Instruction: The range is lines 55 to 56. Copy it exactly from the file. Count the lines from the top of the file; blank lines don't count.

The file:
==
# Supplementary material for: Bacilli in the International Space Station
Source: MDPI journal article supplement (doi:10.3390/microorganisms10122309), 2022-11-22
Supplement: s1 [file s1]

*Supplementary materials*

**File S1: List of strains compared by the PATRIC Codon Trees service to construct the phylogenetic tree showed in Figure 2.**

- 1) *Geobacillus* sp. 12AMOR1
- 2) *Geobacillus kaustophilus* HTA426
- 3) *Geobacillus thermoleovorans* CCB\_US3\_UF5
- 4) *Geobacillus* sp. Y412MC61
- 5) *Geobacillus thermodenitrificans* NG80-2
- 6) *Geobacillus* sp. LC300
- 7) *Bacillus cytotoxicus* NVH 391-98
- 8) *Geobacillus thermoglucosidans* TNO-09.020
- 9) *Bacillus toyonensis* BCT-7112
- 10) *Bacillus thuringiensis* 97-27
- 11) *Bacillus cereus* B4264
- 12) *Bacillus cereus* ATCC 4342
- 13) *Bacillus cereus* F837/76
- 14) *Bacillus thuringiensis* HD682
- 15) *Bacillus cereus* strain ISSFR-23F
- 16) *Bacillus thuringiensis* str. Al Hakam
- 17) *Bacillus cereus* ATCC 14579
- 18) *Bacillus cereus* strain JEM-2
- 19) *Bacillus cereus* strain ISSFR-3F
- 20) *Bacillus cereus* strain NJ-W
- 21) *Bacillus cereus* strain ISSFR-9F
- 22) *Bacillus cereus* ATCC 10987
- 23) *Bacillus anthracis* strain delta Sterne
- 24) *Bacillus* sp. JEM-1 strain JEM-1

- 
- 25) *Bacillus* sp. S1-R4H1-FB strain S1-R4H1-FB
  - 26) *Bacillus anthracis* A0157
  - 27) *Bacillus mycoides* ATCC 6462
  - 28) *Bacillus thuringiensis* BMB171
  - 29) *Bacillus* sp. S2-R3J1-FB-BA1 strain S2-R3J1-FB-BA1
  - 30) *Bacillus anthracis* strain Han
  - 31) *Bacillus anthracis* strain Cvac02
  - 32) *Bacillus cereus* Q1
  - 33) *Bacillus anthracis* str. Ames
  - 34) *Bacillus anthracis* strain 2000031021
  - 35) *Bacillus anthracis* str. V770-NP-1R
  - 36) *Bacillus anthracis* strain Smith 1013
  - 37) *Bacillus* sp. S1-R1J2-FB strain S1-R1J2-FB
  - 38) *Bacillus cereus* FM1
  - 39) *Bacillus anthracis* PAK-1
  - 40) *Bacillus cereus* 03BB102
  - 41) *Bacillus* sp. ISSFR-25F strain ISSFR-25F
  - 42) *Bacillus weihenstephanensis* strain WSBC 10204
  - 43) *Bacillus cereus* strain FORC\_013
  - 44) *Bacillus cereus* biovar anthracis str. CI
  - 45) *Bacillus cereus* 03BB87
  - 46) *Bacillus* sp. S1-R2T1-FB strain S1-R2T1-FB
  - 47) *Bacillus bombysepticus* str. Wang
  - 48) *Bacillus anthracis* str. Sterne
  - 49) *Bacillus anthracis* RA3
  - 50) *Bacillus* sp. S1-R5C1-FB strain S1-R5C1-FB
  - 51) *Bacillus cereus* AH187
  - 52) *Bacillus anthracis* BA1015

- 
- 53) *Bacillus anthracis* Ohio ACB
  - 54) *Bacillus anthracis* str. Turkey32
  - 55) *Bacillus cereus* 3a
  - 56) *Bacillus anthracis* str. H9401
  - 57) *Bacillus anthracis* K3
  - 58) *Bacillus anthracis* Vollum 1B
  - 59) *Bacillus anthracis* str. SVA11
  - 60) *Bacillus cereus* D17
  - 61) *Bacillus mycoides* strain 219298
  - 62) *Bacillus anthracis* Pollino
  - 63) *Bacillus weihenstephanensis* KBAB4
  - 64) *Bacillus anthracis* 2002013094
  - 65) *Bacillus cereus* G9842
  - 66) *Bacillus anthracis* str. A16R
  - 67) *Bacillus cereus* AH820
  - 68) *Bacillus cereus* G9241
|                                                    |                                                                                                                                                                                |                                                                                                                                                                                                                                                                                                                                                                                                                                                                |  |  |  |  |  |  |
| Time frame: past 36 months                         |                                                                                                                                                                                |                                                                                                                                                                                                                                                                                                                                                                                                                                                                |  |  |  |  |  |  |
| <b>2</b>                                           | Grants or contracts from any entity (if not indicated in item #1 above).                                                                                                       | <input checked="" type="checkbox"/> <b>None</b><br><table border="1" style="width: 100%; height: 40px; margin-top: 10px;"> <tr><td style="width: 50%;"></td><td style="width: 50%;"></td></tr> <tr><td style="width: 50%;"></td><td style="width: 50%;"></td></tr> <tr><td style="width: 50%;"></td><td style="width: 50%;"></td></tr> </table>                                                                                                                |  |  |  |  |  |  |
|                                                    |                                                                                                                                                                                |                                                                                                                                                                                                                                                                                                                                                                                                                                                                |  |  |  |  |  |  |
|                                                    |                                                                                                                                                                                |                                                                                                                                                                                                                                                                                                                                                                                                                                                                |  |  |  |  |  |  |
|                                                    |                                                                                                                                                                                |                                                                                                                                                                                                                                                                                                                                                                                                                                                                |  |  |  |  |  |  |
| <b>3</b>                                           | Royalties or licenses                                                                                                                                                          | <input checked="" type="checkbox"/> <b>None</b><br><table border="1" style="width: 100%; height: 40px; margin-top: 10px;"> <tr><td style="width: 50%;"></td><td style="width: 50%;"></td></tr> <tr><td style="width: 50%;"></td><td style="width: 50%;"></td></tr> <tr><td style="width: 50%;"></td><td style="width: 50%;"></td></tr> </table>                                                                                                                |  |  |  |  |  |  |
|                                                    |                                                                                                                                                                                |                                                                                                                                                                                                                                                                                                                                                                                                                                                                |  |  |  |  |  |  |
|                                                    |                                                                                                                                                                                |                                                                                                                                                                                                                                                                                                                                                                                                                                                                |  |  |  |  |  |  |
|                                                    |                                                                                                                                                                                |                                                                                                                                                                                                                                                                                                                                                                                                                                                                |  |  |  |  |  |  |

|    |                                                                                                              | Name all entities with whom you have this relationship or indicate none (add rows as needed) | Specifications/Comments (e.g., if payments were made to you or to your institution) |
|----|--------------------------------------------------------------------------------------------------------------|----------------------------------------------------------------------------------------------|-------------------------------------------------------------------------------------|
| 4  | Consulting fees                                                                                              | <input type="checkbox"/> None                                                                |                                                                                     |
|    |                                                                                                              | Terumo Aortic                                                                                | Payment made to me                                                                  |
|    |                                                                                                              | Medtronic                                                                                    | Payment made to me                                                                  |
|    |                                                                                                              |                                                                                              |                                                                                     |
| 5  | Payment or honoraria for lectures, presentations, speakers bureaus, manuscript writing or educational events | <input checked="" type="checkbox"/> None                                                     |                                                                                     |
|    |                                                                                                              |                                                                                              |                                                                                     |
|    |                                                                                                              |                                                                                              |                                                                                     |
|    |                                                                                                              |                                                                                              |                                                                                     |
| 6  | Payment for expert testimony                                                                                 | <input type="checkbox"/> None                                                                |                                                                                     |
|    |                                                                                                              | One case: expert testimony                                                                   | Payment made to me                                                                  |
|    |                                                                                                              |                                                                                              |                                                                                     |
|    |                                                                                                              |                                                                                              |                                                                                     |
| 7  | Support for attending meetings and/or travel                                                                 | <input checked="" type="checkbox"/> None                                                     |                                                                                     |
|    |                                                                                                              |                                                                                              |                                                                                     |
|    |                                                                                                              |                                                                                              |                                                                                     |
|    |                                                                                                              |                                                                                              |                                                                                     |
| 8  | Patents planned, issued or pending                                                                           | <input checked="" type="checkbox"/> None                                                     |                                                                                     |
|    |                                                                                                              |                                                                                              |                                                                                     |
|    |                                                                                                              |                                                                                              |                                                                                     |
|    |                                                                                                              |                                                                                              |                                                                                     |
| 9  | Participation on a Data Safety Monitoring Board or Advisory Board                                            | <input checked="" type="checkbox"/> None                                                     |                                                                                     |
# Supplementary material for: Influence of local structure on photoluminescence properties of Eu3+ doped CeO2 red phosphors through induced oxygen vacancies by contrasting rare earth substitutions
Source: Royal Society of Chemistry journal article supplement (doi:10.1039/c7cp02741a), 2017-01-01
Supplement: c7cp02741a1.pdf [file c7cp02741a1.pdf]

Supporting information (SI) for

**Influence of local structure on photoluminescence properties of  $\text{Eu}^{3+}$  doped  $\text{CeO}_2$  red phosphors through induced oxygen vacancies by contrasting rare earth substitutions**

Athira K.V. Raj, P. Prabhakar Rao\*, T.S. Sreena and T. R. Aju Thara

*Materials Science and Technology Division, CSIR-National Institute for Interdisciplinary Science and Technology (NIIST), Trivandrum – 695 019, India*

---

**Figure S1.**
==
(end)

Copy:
  - 49) *Bacillus anthracis* RA3
  - 50) *Bacillus* sp. S1-R5C1-FB strain S1-R5C1-FB